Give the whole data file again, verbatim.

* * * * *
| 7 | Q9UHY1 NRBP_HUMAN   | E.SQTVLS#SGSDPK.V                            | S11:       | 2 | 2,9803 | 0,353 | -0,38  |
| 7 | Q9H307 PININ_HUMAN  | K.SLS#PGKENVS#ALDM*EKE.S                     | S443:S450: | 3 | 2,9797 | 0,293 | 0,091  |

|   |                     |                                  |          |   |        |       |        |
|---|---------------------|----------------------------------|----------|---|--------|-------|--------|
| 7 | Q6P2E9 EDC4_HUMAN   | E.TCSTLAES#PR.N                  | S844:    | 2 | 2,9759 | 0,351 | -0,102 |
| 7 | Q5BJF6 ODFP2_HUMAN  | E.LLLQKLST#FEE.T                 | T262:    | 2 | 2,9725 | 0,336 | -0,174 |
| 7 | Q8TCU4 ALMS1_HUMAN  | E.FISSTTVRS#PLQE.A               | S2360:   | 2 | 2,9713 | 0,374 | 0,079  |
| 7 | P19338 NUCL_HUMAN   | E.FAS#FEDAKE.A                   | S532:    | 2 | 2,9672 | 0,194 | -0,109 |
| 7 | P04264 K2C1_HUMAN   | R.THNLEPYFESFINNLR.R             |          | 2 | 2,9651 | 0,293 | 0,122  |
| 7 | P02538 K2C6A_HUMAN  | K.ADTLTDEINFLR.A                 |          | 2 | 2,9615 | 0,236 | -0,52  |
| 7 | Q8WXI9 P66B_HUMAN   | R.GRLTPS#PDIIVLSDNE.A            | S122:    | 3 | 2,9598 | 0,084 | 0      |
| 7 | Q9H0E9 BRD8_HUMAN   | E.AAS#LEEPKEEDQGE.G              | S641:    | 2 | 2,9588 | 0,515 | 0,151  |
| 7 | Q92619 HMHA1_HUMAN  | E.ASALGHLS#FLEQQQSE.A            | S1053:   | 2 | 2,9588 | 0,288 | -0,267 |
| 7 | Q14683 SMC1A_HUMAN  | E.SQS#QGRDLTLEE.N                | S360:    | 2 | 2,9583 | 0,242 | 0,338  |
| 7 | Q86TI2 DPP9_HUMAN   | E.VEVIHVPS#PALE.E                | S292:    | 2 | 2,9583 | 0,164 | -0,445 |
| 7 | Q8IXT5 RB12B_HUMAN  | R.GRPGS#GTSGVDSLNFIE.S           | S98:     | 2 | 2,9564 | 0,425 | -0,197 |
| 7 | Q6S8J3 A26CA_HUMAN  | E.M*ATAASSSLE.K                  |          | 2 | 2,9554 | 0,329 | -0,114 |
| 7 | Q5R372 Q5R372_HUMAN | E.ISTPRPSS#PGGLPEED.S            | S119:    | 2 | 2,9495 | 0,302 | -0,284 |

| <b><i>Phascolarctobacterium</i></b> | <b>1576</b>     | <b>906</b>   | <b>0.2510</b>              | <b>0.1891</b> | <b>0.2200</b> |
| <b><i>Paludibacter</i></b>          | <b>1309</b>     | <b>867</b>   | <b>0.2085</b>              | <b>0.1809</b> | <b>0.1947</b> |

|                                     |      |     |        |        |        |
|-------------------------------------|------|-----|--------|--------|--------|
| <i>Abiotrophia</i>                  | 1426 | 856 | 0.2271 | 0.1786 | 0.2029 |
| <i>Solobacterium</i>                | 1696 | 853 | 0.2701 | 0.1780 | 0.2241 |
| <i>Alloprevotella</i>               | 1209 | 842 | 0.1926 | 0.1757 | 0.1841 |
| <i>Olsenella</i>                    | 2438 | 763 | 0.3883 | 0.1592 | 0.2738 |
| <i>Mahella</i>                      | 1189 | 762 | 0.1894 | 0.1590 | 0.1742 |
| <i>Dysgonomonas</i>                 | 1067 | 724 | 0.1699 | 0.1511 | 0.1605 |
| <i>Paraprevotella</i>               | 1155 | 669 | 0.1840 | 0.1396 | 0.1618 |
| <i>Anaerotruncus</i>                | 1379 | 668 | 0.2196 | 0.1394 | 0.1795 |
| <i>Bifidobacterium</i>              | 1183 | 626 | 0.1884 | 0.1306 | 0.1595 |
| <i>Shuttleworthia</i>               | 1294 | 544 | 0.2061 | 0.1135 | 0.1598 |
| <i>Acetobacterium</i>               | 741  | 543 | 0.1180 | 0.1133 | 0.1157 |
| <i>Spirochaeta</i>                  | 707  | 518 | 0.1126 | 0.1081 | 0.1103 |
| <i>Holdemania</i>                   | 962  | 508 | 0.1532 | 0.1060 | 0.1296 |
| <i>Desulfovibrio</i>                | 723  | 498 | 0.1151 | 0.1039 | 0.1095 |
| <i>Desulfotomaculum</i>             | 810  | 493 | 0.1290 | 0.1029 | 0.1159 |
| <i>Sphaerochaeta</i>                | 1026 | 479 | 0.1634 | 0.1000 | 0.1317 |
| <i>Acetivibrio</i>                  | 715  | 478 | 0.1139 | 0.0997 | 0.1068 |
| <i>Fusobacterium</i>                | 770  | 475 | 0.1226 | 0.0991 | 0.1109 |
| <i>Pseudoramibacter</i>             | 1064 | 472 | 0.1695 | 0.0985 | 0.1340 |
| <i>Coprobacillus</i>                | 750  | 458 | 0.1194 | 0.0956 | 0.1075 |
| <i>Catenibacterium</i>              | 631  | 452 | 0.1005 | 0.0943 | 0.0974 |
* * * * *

| 7 | Q9UHY1 NRBP_HUMAN   | E.SQTVLS#SGSDPK.V                            | S11:       | 2 | 2,9803 | 0,353 | -0,38  |
| 7 | Q9H307 PININ_HUMAN  | K.SLS#PGKENVS#ALDM*EKE.S                     | S443:S450: | 3 | 2,9797 | 0,293 | 0,091  |

|   |                     |                                  |          |   |        |       |        |
|---|---------------------|----------------------------------|----------|---|--------|-------|--------|
| 7 | Q6P2E9 EDC4_HUMAN   | E.TCSTLAES#PR.N                  | S844:    | 2 | 2,9759 | 0,351 | -0,102 |
| 7 | Q5BJF6 ODFP2_HUMAN  | E.LLLQKLST#FEE.T                 | T262:    | 2 | 2,9725 | 0,336 | -0,174 |
| 7 | Q8TCU4 ALMS1_HUMAN  | E.FISSTTVRS#PLQE.A               | S2360:   | 2 | 2,9713 | 0,374 | 0,079  |
| 7 | P19338 NUCL_HUMAN   | E.FAS#FEDAKE.A                   | S532:    | 2 | 2,9672 | 0,194 | -0,109 |
| 7 | P04264 K2C1_HUMAN   | R.THNLEPYFESFINNLR.R             |          | 2 | 2,9651 | 0,293 | 0,122  |
| 7 | P02538 K2C6A_HUMAN  | K.ADTLTDEINFLR.A                 |          | 2 | 2,9615 | 0,236 | -0,52  |
| 7 | Q8WXI9 P66B_HUMAN   | R.GRLTPS#PDIIVLSDNE.A            | S122:    | 3 | 2,9598 | 0,084 | 0      |
| 7 | Q9H0E9 BRD8_HUMAN   | E.AAS#LEEPKEEDQGE.G              | S641:    | 2 | 2,9588 | 0,515 | 0,151  |
| 7 | Q92619 HMHA1_HUMAN  | E.ASALGHLS#FLEQQQSE.A            | S1053:   | 2 | 2,9588 | 0,288 | -0,267 |
| 7 | Q14683 SMC1A_HUMAN  | E.SQS#QGRDLTLEE.N                | S360:    | 2 | 2,9583 | 0,242 | 0,338  |
| 7 | Q86TI2 DPP9_HUMAN   | E.VEVIHVPS#PALE.E                | S292:    | 2 | 2,9583 | 0,164 | -0,445 |
| 7 | Q8IXT5 RB12B_HUMAN  | R.GRPGS#GTSGVDSLNFIE.S           | S98:     | 2 | 2,9564 | 0,425 | -0,197 |
| 7 | Q6S8J3 A26CA_HUMAN  | E.M*ATAASSSLE.K                  |          | 2 | 2,9554 | 0,329 | -0,114 |
| 7 | Q5R372 Q5R372_HUMAN | E.ISTPRPSS#PGGLPEED.S            | S119:    | 2 | 2,9495 | 0,302 | -0,284 |

| <b><i>Phascolarctobacterium</i></b> | <b>1576</b>     | <b>906</b>   | <b>0.2510</b>              | <b>0.1891</b> | <b>0.2200</b> |
| <b><i>Paludibacter</i></b>          | <b>1309</b>     | <b>867</b>   | <b>0.2085</b>              | <b>0.1809</b> | <b>0.1947</b> |

|                                     |      |     |        |        |        |
|-------------------------------------|------|-----|--------|--------|--------|
| <i>Abiotrophia</i>                  | 1426 | 856 | 0.2271 | 0.1786 | 0.2029 |
| <i>Solobacterium</i>                | 1696 | 853 | 0.2701 | 0.1780 | 0.2241 |
| <i>Alloprevotella</i>               | 1209 | 842 | 0.1926 | 0.1757 | 0.1841 |
| <i>Olsenella</i>                    | 2438 | 763 | 0.3883 | 0.1592 | 0.2738 |
| <i>Mahella</i>                      | 1189 | 762 | 0.1894 | 0.1590 | 0.1742 |
| <i>Dysgonomonas</i>                 | 1067 | 724 | 0.1699 | 0.1511 | 0.1605 |
| <i>Paraprevotella</i>               | 1155 | 669 | 0.1840 | 0.1396 | 0.1618 |
| <i>Anaerotruncus</i>                | 1379 | 668 | 0.2196 | 0.1394 | 0.1795 |
| <i>Bifidobacterium</i>              | 1183 | 626 | 0.1884 | 0.1306 | 0.1595 |
| <i>Shuttleworthia</i>               | 1294 | 544 | 0.2061 | 0.1135 | 0.1598 |
| <i>Acetobacterium</i>               | 741  | 543 | 0.1180 | 0.1133 | 0.1157 |
| <i>Spirochaeta</i>                  | 707  | 518 | 0.1126 | 0.1081 | 0.1103 |
| <i>Holdemania</i>                   | 962  | 508 | 0.1532 | 0.1060 | 0.1296 |
| <i>Desulfovibrio</i>                | 723  | 498 | 0.1151 | 0.1039 | 0.1095 |
| <i>Desulfotomaculum</i>             | 810  | 493 | 0.1290 | 0.1029 | 0.1159 |
| <i>Sphaerochaeta</i>                | 1026 | 479 | 0.1634 | 0.1000 | 0.1317 |
| <i>Acetivibrio</i>                  | 715  | 478 | 0.1139 | 0.0997 | 0.1068 |
| <i>Fusobacterium</i>                | 770  | 475 | 0.1226 | 0.0991 | 0.1109 |
| <i>Pseudoramibacter</i>             | 1064 | 472 | 0.1695 | 0.0985 | 0.1340 |
| <i>Coprobacillus</i>                | 750  | 458 | 0.1194 | 0.0956 | 0.1075 |
| <i>Catenibacterium</i>              | 631  | 452 | 0.1005 | 0.0943 | 0.0974 |